They also claim that “…the weather is the warmest we’ve ever seen at this time of year.” That may be true, but if so, it is also meaningless with respect to the progress of freeze-up.

Does no one at PBI remember the very late freeze-up of 2010 or 2006? Odd, that.

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Beaufort polar bear with tight collar found and rescued says U of Alberta

It appears that the male polar bear with a too-tight satellite radio collar that was photographed late last year near Kaktovik on the North Slope of Alaska has been captured and his faulty collar removed, says a statement posted on the University of Alberta website 25 August 2016. The animal was reported to be healthy and behaving normally.

polar-bear-radio-collar_CBC Oct 28 2015

As far as I can tell, no press release was issued and no media interviews have been conducted despite the strong interest in the fate of this bear last fall (previous reports here, here, and here) – I found the notice by accident while looking for something else.

Andrew Derocher and his research team from U of A have admitted they collared this bear and the Polar Bear Facts webpage where this recent statement appears was developed to deal with the many inquiries about the status of this bear (dubbed “Andy” by some).

Note the statement, copied below, does not confirm that this is indeed the same bear as was photographed last year – they just assume it is. No photo is provided of the rescued bear, although clearly some were taken. However, if it is not the same bear, then another subadult male spent the winter of 2015-2016 on the ice of the Beaufort Sea with a tight and non-functioning collar that was not about to fall off by itself.
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New paper: U of A put collars on subadult SB polar bear males since 2007

Even though it is well known that subadult male polar bears (≤ 4 years old) continue to grow in mass and bulk as they mature – so that their thick necks get even larger – in recent years Andrew Derocher and his students at the University of Alberta potentially endangered the lives of many subadult males in the Southern Beaufort in the process of learning relatively little they didn’t already know.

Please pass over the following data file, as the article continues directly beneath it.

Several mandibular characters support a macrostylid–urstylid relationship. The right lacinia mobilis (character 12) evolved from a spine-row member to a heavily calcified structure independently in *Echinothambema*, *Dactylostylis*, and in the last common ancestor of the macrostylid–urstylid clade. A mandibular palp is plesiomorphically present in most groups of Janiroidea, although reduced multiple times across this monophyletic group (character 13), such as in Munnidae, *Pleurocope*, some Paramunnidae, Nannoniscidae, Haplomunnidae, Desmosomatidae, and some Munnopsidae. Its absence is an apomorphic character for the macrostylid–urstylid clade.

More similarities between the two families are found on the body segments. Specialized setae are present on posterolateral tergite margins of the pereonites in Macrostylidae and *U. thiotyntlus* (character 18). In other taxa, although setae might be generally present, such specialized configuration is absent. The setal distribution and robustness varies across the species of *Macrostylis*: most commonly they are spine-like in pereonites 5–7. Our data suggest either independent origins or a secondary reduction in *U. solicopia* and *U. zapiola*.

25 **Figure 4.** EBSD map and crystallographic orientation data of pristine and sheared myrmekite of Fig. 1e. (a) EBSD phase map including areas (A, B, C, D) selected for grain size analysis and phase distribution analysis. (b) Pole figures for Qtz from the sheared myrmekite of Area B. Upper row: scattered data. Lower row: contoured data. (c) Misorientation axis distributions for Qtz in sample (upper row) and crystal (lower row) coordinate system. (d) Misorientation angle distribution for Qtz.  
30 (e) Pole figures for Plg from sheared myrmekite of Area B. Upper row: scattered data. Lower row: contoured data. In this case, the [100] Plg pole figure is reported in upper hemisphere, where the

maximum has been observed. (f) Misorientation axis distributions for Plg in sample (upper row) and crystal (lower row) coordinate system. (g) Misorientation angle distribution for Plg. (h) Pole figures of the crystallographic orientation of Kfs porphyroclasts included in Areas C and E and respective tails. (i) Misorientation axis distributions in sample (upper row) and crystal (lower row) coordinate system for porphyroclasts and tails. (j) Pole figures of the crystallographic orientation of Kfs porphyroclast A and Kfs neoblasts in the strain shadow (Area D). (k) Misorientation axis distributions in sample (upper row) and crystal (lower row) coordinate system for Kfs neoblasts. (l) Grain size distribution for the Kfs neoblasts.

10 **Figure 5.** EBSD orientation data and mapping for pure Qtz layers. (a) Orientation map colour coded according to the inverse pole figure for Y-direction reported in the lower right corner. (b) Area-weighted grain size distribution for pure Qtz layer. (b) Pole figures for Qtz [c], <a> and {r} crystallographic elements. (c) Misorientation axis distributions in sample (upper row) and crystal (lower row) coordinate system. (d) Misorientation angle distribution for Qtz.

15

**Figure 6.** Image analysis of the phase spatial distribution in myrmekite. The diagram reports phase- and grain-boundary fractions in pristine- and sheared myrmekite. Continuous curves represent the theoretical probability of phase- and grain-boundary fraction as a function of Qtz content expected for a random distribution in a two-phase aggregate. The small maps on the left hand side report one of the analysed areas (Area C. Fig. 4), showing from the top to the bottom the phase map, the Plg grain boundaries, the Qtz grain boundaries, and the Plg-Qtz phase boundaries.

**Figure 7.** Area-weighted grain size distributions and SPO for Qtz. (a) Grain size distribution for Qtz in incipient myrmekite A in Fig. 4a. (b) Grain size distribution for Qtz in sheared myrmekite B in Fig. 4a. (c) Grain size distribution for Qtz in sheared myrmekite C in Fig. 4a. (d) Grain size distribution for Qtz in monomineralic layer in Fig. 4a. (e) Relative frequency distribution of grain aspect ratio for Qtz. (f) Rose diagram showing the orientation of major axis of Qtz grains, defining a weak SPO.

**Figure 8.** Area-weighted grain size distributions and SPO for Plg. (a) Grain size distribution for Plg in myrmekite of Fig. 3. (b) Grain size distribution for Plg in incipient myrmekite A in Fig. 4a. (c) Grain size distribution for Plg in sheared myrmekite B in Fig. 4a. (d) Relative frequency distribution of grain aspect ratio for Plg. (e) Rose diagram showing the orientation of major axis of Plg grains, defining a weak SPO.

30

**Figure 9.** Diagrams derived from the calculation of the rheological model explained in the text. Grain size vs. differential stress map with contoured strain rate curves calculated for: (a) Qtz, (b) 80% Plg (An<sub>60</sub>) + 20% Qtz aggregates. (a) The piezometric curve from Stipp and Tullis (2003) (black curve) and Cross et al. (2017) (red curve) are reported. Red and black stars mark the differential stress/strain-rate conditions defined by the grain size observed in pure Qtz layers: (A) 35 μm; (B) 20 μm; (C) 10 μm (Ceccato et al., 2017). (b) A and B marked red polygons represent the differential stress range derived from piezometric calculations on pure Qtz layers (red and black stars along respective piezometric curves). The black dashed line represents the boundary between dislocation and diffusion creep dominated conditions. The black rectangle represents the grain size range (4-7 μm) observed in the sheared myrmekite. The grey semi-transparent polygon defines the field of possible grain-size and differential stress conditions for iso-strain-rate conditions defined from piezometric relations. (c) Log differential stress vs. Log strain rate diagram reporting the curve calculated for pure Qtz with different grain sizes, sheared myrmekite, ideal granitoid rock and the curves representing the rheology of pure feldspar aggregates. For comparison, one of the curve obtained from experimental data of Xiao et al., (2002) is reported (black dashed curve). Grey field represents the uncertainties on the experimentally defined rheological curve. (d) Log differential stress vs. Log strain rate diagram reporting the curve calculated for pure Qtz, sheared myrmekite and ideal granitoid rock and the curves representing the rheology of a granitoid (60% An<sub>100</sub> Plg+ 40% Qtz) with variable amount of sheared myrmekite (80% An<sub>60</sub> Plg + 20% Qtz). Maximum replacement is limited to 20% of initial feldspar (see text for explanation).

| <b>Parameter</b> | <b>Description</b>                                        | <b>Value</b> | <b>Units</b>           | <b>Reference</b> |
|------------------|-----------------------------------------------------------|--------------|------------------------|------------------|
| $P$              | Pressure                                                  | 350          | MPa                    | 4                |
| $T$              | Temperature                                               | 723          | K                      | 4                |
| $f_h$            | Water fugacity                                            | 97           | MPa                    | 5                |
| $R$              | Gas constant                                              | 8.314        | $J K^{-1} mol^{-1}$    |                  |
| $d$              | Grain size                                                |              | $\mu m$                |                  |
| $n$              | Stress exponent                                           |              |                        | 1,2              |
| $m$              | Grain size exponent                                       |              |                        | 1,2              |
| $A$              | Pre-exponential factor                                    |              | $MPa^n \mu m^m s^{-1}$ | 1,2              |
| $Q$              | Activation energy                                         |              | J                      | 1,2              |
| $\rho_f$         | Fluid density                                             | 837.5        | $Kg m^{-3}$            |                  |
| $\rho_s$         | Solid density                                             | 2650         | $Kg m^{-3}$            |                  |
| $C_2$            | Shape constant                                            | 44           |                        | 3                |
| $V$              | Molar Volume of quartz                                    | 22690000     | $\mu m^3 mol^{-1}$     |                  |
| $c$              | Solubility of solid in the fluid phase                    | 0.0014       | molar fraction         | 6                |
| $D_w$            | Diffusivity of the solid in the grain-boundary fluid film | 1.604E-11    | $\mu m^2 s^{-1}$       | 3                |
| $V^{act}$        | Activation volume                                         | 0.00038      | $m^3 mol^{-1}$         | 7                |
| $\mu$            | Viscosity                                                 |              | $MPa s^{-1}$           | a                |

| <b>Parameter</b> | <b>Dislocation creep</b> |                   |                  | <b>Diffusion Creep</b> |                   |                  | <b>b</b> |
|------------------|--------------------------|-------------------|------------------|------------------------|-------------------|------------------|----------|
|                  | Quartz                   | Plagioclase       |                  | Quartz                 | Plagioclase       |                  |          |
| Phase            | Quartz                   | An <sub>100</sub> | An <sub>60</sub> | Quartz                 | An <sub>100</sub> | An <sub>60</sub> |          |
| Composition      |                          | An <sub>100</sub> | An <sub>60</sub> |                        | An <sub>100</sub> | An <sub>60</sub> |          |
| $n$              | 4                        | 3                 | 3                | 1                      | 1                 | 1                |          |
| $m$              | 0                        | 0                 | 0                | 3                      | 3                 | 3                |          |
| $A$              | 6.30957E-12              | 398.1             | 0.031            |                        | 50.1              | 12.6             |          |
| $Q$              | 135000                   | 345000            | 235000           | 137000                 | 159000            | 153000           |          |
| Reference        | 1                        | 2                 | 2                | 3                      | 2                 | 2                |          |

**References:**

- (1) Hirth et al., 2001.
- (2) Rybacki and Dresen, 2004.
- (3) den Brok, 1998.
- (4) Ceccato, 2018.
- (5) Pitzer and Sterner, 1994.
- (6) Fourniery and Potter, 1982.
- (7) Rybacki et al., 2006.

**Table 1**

polar-bear-radio-collar_CBC Oct 28 2015

Money quote from a just-accepted paper by Master’s student Jody Pongracz and supervisor Derocher (“Summer refugia of polar bears (Ursus maritimus) in the southern Beaufort Sea” Polar Biology, in press 2016):

“The number of bears tracked varied over time due to collar design, deployment, and both planned and unplanned collar retention.”

So, how much “unplanned collar retention” issues [collars that did not fall off as expected] went on during this 2007-2010 study? They don’t say.

Is this paper saying U of A researchers knew they had ‘collar retention’ issues as far back as 2010 but continued to deploy them on subadult males after that study was over? It seems so, because they had an issue with just such a bear last year.

The bear with an apparently tight collar that was photographed last fall (see photo above) went out onto the ice and no one knows what happened – there has been no more information on him since, although researchers have apparently been watching for him, updated just yesterday). The University of Alberta statement says (under the June 2 update):

“Ongoing research at the University of Alberta is shifting to ear tag radios as required”

So now they realize that putting collars on subadult males is not such a good idea. Brilliant!